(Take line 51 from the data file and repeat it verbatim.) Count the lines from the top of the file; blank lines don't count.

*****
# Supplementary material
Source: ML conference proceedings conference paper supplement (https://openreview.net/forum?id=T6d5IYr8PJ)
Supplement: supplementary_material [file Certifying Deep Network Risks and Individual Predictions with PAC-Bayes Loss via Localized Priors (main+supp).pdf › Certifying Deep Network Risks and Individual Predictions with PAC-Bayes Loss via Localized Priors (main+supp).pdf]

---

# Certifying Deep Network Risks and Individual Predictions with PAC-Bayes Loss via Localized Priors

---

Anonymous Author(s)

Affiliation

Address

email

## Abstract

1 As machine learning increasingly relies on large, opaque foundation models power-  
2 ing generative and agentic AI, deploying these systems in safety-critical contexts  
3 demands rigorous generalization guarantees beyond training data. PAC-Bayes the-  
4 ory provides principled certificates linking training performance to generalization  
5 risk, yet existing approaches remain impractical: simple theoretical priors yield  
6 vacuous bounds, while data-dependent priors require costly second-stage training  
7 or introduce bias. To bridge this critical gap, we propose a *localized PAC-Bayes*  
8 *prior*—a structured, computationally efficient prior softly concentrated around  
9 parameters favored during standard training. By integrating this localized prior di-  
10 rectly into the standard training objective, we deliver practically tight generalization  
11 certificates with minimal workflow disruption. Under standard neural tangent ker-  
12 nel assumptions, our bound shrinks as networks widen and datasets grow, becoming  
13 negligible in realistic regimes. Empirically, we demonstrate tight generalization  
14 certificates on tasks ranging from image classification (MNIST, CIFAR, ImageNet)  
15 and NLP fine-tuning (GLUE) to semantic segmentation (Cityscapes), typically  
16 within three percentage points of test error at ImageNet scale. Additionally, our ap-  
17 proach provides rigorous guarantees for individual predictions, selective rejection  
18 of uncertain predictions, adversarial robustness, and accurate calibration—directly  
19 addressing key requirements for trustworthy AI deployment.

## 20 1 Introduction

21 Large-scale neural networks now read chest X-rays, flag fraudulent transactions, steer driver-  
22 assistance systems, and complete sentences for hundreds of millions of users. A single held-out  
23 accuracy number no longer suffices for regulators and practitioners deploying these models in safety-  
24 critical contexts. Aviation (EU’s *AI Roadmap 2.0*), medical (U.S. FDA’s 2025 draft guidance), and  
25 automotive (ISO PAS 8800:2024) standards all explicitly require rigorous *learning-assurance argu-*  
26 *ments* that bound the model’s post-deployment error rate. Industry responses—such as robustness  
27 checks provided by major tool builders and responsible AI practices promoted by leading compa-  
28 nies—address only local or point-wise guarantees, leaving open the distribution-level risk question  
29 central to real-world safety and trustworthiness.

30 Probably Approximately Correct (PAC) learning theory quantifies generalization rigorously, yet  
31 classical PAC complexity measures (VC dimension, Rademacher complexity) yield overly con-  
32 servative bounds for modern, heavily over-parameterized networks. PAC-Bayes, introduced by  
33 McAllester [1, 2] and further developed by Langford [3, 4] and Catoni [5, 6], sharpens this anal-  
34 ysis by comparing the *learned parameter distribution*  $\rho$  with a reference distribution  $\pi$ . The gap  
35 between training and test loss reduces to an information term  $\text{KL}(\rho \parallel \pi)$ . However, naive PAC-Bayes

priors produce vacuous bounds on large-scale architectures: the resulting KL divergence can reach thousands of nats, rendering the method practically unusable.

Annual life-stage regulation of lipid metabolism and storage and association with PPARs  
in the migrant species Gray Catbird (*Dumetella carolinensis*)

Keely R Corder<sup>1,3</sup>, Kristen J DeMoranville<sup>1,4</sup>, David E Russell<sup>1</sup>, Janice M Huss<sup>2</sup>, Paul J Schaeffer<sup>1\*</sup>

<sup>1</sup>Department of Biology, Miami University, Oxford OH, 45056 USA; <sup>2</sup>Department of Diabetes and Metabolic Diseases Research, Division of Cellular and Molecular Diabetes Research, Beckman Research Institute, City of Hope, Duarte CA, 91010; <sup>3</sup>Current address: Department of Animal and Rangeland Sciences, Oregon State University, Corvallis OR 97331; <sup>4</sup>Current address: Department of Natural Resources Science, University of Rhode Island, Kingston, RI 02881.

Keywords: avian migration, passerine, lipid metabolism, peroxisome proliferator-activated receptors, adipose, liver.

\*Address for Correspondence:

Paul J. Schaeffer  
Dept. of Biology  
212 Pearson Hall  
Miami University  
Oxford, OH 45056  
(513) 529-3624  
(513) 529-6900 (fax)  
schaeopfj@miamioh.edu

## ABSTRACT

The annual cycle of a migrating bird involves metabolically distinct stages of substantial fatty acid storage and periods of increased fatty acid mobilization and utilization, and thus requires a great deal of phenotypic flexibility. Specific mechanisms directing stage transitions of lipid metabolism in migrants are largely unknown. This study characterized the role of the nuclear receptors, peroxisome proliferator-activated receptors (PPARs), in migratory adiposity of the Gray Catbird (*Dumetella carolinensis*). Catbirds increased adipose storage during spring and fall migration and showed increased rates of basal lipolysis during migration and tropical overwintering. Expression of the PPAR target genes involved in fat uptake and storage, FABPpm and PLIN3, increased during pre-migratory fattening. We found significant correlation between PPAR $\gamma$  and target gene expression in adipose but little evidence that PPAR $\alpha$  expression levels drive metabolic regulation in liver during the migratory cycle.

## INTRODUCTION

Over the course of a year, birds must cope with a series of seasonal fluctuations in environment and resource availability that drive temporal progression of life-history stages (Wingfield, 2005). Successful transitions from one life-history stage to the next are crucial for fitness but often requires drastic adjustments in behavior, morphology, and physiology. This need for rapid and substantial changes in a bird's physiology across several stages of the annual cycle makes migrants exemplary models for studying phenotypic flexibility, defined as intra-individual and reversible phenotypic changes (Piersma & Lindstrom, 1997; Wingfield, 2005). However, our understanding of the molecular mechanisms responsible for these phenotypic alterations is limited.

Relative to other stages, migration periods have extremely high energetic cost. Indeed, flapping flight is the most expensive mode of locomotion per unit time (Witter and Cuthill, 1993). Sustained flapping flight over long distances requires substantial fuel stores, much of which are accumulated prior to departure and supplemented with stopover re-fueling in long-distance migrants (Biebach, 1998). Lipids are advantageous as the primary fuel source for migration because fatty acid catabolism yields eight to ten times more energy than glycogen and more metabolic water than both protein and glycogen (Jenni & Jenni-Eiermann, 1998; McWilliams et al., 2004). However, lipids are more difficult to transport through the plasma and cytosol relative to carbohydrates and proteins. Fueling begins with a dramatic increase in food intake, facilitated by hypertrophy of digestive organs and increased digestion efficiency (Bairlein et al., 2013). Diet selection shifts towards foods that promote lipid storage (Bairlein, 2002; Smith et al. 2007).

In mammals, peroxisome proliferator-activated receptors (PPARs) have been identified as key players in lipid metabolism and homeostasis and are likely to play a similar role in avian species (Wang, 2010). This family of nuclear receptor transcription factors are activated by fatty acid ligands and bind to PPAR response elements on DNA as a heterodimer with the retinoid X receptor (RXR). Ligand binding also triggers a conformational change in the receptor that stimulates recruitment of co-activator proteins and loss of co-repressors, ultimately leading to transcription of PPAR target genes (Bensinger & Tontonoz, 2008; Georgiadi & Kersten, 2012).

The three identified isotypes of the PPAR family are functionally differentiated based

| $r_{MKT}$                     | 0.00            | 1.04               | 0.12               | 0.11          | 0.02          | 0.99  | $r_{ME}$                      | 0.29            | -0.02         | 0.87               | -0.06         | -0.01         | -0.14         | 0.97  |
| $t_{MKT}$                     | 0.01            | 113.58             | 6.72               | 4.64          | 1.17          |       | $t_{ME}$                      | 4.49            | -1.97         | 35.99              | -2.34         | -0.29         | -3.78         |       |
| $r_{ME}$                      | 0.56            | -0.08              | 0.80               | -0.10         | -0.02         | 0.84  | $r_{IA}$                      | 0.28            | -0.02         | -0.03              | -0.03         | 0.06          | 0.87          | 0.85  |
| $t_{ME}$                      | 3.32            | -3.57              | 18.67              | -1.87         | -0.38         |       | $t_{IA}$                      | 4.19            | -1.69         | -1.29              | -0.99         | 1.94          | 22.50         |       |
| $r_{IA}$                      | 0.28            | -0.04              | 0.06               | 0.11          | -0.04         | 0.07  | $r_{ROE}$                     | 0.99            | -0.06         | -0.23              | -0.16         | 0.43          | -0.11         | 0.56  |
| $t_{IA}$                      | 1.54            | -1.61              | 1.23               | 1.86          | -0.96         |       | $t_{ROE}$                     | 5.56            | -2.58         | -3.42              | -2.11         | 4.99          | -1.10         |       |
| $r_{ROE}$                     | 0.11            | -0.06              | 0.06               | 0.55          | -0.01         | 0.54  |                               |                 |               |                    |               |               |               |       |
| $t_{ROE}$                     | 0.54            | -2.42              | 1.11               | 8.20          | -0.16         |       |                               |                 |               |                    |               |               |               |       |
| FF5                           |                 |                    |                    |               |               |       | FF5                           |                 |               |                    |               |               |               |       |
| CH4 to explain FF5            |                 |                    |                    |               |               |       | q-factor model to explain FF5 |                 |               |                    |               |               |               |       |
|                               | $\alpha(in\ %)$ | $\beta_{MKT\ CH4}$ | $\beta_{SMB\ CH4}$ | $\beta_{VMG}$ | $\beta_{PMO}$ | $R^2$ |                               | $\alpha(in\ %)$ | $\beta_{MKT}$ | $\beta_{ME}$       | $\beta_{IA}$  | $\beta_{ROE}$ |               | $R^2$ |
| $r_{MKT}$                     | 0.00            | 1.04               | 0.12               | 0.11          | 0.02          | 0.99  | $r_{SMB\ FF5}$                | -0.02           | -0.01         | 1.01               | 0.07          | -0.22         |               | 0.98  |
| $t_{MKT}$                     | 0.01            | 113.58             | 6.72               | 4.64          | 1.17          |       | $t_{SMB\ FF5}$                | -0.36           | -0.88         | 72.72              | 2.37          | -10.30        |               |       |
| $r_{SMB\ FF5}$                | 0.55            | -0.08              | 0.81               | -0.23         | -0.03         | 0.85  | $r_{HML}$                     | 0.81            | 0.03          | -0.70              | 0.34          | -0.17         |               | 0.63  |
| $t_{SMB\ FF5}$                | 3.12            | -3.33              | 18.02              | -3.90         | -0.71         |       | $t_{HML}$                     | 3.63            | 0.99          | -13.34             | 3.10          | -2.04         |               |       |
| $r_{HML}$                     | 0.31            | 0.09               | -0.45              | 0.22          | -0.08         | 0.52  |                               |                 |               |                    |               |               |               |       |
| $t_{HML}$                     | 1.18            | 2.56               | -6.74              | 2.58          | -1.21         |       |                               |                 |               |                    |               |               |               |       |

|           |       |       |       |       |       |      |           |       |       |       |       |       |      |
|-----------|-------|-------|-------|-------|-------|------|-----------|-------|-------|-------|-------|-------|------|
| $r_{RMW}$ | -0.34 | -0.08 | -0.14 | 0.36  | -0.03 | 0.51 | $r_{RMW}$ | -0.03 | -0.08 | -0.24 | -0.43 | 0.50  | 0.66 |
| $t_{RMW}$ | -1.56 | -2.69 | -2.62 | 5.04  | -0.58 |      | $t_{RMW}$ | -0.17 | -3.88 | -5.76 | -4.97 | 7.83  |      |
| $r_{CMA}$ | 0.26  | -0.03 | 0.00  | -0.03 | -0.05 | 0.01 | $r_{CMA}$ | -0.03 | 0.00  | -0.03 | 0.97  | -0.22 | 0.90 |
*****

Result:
<sup>1</sup>Department of Biology, Miami University, Oxford OH, 45056 USA; <sup>2</sup>Department of Diabetes and Metabolic Diseases Research, Division of Cellular and Molecular Diabetes Research, Beckman Research Institute, City of Hope, Duarte CA, 91010; <sup>3</sup>Current address: Department of Animal and Rangeland Sciences, Oregon State University, Corvallis OR 97331; <sup>4</sup>Current address: Department of Natural Resources Science, University of Rhode Island, Kingston, RI 02881.